Precision. This is self-explanatory, almost. Written communication is less prone to errors and misunderstanding. Verbally, things are stated inaccurately, ambiguously, words are mispronounced (especially by us non-native English speakers), and misunderstandings occur. This is the main reason I believe email is essential in the workplace. The fact that things were done before without email, is no serious argument. Mankind has functioned for millennia without 90% of what is available today, but that is no reason not to embrace any technological innovation that can measurably improve quality of life, and improved communication contributes to that.

Convenience. If several people are involved in the same undertaking, email makes it possible to entertain a meaningful exchange of opinions and/or dissemination of information, without all of the parties involved convening at a given place at the same time. This day and age, setting up meetings among more than two or three people is very difficult, and even when those meetings are necessary, a lot of the leg work can be done over email, as well as summarizing the outcome afterwards.

Productivity. Let us face it, most of the collaborative work among individuals physically residing in different parts of the planet would simply not take place, were it not for email. It is by far the best way of starting a collaboration and keeping it going.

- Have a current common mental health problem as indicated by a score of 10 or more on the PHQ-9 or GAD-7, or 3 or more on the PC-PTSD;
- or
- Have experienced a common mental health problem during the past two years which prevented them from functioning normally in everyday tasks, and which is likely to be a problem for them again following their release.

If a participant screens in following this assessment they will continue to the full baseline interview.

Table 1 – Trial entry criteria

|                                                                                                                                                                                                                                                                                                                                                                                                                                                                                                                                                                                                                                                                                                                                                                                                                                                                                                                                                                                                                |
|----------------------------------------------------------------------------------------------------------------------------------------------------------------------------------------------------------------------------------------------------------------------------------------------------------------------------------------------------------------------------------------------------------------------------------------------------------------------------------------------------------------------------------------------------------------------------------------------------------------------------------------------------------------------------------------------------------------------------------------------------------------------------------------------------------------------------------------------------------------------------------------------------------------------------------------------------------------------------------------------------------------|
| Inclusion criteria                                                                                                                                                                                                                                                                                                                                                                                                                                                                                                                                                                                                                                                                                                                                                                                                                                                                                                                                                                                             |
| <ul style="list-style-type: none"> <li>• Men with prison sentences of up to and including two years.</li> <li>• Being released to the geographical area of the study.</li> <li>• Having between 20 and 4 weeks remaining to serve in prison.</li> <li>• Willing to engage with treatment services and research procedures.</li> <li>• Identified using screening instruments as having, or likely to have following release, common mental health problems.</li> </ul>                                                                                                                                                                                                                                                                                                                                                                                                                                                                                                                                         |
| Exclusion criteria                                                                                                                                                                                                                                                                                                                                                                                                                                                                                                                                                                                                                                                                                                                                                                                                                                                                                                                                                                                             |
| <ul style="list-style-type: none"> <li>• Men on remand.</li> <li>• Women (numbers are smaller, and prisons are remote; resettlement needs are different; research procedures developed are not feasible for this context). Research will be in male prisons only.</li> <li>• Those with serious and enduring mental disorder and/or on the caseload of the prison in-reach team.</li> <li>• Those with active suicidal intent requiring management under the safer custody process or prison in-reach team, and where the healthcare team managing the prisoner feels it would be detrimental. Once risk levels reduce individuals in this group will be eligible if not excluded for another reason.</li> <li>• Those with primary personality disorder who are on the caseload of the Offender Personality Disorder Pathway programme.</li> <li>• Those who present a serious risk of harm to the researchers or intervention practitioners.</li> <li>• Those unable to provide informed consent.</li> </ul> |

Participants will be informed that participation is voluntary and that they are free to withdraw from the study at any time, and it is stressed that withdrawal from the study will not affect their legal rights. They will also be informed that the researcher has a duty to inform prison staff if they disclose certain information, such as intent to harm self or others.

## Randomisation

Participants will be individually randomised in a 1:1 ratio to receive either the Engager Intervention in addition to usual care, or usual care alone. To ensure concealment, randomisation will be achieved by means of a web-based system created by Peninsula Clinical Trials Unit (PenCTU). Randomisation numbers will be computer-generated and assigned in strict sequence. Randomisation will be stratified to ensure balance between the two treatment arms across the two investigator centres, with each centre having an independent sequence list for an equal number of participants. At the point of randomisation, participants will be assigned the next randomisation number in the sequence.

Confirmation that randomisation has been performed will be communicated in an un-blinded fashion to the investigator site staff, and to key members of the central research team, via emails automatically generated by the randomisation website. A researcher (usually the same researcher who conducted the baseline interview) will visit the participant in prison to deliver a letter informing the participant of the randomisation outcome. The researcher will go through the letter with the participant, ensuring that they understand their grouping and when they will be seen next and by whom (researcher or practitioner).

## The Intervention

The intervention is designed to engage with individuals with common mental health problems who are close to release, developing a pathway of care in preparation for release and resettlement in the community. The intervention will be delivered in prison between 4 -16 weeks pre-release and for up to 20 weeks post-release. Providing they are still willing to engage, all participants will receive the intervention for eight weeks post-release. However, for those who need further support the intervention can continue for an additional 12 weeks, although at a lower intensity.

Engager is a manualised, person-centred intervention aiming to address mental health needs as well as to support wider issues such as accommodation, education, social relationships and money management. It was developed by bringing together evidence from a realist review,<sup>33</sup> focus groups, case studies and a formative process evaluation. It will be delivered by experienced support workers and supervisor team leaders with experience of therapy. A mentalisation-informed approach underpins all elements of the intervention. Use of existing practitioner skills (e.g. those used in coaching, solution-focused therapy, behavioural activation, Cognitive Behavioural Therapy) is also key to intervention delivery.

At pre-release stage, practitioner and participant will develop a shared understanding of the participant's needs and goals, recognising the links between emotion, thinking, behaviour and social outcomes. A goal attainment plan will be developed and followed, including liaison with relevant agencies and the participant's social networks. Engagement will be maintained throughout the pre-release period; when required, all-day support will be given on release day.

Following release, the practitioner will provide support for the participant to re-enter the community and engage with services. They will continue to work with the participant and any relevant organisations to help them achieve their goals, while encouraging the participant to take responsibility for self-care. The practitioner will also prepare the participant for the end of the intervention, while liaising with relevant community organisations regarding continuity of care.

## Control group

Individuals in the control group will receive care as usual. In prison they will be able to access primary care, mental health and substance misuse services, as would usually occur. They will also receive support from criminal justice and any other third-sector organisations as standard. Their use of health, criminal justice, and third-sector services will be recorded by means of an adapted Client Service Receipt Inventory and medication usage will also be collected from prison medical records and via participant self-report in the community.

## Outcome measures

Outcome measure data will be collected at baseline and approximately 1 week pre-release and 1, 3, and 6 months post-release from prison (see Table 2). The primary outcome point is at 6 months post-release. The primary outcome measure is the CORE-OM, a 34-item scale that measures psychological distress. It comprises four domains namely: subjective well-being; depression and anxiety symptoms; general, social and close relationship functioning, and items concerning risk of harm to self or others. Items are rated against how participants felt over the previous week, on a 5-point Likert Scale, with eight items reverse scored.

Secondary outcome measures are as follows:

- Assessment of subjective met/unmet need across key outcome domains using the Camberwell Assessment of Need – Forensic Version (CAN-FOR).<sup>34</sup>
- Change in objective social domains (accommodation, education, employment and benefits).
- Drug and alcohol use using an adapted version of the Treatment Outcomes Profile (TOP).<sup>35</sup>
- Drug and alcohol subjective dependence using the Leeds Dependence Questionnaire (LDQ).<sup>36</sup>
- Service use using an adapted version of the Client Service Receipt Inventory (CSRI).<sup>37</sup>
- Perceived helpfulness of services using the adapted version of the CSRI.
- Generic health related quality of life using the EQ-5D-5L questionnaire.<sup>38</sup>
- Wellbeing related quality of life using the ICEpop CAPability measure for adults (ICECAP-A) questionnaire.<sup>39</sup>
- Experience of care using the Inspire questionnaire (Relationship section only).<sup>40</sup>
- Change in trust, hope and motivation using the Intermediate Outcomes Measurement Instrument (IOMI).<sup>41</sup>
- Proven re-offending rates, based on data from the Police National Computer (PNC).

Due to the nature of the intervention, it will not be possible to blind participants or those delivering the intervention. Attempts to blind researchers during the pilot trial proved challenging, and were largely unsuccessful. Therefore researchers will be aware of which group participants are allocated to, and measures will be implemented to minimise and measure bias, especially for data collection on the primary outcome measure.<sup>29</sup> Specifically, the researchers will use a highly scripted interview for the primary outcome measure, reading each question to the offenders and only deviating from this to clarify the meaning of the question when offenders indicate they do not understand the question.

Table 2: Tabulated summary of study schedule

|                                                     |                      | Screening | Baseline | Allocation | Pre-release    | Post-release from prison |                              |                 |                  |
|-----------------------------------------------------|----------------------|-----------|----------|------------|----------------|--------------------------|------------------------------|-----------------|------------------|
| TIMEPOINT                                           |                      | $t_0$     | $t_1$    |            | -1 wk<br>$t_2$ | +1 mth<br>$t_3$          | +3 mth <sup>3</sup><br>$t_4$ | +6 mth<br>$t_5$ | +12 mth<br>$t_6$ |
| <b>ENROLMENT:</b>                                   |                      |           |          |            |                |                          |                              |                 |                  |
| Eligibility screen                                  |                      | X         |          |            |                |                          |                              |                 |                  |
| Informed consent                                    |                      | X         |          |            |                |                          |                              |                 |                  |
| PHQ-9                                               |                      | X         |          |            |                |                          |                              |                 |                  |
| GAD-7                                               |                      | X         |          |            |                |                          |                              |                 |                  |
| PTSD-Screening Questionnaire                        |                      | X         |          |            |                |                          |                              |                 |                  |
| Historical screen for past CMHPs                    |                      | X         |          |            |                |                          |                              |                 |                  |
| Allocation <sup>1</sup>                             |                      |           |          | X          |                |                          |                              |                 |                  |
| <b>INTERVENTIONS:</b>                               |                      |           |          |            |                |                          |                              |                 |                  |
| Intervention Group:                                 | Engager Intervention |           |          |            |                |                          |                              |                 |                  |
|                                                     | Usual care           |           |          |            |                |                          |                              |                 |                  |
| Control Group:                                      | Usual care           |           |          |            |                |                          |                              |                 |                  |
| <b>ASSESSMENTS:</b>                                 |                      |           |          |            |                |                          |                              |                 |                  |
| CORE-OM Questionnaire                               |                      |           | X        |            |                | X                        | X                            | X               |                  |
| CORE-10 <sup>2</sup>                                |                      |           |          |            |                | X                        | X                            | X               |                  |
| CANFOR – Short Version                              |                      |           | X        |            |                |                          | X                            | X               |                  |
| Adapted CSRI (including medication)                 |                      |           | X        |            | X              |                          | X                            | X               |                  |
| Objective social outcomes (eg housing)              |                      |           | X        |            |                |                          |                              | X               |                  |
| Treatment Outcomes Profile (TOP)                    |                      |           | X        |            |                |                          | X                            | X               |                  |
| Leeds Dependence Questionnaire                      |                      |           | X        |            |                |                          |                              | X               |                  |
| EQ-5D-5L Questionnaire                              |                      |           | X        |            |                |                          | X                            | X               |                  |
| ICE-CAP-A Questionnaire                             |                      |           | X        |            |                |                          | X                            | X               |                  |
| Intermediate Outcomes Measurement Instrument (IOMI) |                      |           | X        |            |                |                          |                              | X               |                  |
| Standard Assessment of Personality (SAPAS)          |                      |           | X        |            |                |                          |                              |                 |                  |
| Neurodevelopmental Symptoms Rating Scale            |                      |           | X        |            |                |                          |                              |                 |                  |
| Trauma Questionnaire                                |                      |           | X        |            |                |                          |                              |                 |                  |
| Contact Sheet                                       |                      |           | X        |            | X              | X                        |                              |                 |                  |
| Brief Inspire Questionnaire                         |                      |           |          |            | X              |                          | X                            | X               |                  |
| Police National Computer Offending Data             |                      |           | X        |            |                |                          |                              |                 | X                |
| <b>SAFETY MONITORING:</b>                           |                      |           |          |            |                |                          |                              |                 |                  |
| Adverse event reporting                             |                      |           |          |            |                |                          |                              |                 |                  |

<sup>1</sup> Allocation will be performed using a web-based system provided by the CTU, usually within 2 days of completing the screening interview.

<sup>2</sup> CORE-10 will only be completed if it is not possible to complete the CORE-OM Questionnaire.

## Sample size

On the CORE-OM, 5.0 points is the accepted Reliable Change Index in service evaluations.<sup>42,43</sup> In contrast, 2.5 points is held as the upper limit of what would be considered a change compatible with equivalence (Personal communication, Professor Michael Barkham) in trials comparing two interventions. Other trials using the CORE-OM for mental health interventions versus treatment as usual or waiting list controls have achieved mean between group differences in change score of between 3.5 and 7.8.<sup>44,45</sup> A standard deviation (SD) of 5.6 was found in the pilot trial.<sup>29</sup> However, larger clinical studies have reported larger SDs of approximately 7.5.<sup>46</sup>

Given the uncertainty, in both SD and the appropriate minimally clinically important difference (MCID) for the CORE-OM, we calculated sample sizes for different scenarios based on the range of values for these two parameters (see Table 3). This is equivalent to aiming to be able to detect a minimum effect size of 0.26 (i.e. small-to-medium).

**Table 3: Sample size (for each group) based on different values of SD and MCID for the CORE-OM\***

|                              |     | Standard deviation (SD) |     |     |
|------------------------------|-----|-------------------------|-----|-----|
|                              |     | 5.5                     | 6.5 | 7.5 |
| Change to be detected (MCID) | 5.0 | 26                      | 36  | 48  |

But then… why curb its use ?

It would almost seem like email is a no-brainer these days… given the measurable benefits, and the little or no inconvenience [0], why would anyone think of limiting the use of email ? Should email use not be rather encouraged, based on what stated above ? Why would many instead argue that it should be used less, not more ? Why do some businesses go as far as implementing “no email policies”, and justify them on the ground of decreased productivity attributable to the use of email ? Nope, I am not making this up.

Just fire out an email to …. everyone.

It is there, it is quick, it is easy, it is convenient… all of this easily leads to abuse, and it is not difficult to imagine how it could happen.
According to Thierry Breton, CEO of Atos, there is a significant productivity loss, as employees devote an inordinate amount of time going through email messages of little or no relevance to the task that they should be carrying out. Let me quote from the article: